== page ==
Before the age of one, cow’s milk should not be introduced. Plain, pasteurized cow’s milk is the best milk after a child starts consuming it. Up until the age of two, whole-fat milk is encouraged for children, unless you are advised to convert to low-fat milk earlier due to factors including family history, risk of heart disease, or obesity.

The amounts of milk listed below are advised to promote a child’s growth and development, even though each child’s nutritional requirements may differ.

  • Newborns (0-12 months) Breast milk or infant formula should be consumed by infants under the age of 12 months.
  • Whole dairy milk for 12 to 24 months, up to two to three cups each day.
  • 2-3 years, up to two cups per day of skim or low-fat dairy milk
  • 4–8 yearsskim or low-fat dairy milk, up to 2.5 cups a day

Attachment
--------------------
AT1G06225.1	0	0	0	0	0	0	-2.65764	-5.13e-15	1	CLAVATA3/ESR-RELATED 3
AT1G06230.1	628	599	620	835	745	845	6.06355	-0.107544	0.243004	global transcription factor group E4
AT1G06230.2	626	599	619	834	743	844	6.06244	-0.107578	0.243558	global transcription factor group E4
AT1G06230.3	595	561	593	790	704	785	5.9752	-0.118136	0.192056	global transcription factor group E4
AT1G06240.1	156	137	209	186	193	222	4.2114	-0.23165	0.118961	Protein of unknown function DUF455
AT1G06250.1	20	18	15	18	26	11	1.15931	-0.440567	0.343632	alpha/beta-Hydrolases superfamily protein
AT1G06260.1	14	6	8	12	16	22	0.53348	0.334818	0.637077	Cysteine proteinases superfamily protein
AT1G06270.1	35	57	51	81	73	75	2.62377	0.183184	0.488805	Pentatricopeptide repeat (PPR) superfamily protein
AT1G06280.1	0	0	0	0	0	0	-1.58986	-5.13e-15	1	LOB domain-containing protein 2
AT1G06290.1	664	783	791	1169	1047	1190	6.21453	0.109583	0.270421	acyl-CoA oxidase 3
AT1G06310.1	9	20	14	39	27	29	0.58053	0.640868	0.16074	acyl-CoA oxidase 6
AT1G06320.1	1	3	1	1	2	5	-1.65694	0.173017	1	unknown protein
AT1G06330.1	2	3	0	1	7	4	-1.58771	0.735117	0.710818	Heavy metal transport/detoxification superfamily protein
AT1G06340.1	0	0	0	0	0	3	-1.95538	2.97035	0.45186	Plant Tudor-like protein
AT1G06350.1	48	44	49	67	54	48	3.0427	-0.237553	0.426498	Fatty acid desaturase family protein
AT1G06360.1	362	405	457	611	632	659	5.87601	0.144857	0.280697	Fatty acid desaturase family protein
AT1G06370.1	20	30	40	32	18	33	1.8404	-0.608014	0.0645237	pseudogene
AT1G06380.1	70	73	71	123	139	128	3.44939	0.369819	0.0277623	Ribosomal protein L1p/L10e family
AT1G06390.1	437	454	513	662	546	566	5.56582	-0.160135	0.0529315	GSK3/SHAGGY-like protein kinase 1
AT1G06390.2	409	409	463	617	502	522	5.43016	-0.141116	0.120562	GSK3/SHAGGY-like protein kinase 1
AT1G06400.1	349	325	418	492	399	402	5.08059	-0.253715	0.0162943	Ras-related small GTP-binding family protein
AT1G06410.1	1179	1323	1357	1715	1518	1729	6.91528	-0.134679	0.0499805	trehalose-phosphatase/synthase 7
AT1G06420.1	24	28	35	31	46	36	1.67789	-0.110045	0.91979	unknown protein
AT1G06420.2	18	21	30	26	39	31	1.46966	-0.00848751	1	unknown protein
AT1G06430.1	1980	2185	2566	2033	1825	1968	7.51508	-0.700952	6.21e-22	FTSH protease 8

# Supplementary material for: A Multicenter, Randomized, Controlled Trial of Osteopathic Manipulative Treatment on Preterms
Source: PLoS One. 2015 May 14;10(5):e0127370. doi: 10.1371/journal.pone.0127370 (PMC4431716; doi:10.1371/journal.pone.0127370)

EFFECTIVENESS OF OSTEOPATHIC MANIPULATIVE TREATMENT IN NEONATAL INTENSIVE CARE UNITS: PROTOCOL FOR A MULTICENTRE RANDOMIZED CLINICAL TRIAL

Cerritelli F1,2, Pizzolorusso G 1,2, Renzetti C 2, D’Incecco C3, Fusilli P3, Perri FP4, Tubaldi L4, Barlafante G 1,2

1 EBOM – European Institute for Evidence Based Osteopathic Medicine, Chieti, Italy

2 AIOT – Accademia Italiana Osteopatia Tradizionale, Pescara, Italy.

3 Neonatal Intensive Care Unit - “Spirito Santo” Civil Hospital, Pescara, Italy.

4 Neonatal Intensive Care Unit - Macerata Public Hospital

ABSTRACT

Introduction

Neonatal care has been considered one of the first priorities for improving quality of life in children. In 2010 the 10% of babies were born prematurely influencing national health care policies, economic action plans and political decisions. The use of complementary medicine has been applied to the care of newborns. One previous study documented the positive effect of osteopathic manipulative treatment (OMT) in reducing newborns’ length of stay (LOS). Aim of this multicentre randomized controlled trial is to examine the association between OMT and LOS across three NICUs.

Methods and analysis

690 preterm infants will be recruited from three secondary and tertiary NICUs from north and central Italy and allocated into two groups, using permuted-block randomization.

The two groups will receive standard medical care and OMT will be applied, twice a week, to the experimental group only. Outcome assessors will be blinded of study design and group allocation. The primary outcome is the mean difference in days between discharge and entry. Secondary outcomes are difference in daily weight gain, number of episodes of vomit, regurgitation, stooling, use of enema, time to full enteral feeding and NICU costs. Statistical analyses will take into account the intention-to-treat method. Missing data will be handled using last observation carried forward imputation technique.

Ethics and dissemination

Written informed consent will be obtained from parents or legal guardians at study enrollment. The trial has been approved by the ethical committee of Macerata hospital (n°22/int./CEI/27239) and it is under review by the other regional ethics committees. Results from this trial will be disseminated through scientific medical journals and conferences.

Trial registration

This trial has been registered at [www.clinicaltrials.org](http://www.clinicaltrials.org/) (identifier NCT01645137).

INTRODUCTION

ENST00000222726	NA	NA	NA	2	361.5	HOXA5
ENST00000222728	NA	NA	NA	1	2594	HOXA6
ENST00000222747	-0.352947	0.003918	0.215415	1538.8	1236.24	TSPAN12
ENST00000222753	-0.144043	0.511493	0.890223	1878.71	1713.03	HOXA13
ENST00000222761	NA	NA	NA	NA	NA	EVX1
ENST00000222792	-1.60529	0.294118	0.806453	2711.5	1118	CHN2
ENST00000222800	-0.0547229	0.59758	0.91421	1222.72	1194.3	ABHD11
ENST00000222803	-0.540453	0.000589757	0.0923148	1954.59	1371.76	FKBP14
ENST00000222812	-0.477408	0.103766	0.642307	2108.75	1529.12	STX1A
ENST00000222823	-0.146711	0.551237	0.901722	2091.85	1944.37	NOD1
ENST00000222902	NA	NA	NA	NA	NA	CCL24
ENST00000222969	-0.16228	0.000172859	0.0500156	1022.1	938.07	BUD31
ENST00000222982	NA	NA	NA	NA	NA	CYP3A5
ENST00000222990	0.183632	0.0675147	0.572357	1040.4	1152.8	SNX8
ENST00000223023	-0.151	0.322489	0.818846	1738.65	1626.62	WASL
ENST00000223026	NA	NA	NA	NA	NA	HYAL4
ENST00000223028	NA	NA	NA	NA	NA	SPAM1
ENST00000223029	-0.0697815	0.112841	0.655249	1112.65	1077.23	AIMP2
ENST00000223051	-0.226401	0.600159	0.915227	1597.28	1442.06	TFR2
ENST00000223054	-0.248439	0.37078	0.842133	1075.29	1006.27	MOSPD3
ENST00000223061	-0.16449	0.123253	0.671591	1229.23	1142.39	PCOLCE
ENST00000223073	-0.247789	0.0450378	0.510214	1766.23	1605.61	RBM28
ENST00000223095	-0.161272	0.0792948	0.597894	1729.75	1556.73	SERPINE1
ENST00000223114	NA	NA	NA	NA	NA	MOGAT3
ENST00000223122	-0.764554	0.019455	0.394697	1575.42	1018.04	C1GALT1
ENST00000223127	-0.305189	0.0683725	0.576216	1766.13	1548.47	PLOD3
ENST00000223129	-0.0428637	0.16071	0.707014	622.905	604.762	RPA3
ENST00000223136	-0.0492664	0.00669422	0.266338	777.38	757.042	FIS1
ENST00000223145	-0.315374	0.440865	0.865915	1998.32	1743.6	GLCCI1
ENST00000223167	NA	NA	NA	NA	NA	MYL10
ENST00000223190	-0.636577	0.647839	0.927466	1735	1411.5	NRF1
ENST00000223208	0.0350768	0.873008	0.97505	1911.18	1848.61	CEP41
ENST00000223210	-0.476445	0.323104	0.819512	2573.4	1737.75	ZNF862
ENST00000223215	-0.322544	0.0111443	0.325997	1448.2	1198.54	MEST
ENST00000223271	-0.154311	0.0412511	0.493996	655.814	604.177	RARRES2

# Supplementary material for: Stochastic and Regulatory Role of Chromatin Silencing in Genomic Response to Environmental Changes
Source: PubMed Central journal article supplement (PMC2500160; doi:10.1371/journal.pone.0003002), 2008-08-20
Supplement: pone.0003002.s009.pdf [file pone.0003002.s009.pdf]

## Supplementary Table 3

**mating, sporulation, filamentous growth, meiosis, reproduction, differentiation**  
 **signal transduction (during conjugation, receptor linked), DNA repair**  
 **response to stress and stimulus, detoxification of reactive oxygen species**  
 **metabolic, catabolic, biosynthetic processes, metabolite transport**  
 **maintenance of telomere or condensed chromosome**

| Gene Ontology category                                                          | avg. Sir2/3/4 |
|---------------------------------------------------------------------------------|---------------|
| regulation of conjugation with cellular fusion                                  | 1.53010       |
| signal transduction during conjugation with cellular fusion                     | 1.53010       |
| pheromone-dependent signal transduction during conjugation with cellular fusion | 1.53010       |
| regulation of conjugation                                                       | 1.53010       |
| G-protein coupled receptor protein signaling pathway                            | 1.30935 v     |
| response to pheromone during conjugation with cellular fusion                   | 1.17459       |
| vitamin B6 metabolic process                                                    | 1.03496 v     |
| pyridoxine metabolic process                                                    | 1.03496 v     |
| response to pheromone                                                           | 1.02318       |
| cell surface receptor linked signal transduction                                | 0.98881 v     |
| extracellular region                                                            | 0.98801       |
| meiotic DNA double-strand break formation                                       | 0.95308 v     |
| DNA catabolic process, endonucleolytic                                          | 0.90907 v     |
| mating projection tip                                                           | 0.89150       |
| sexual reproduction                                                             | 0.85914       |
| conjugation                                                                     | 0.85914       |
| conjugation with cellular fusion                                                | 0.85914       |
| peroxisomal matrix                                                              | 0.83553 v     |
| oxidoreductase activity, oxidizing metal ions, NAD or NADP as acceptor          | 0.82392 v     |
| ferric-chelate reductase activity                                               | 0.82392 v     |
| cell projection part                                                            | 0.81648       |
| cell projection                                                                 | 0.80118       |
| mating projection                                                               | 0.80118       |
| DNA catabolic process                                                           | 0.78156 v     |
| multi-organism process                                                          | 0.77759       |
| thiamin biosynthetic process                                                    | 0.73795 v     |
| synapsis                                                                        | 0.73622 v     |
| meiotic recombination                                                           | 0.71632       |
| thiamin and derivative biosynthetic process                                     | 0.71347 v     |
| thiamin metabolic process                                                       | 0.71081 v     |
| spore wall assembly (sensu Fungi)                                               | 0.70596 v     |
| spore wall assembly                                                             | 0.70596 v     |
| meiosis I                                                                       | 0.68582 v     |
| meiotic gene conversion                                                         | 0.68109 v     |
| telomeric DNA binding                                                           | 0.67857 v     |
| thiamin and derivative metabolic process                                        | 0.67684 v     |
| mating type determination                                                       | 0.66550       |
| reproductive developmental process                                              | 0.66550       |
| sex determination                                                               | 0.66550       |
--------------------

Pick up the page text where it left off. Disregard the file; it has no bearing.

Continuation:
• Skim or low-fat dairy milk, up to three cups per day, for ages 9 to 18.

Consult your kid’s pediatrician or a trained dietitian if your child has been diagnosed with a milk allergy, has trouble digesting lactose (the sugar in milk), or has other dietary restrictions to be sure they are getting the nutrients they need to stay healthy.

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What amount of milk should a 3-year-old consume?

Parents of toddlers and preschoolers frequently lament, “My child doesn’t eat enough,” and “My child only eats a small variety of foods.” You might be shocked to hear that excessive milk consumption consistently surfaces when examining the eating habits of many of these kids.

In a child’s total diet, fluids are frequently forgotten while we concentrate on the foods, or lack thereof, in the diet. It might be difficult for many kids to switch from a diet based on milk to one based on food. It may seem like a simple fix to switch a child from breast milk or formula to cow’s milk or other milk alternatives. Additionally, it is far simpler for active toddlers to drink their calories than to eat them!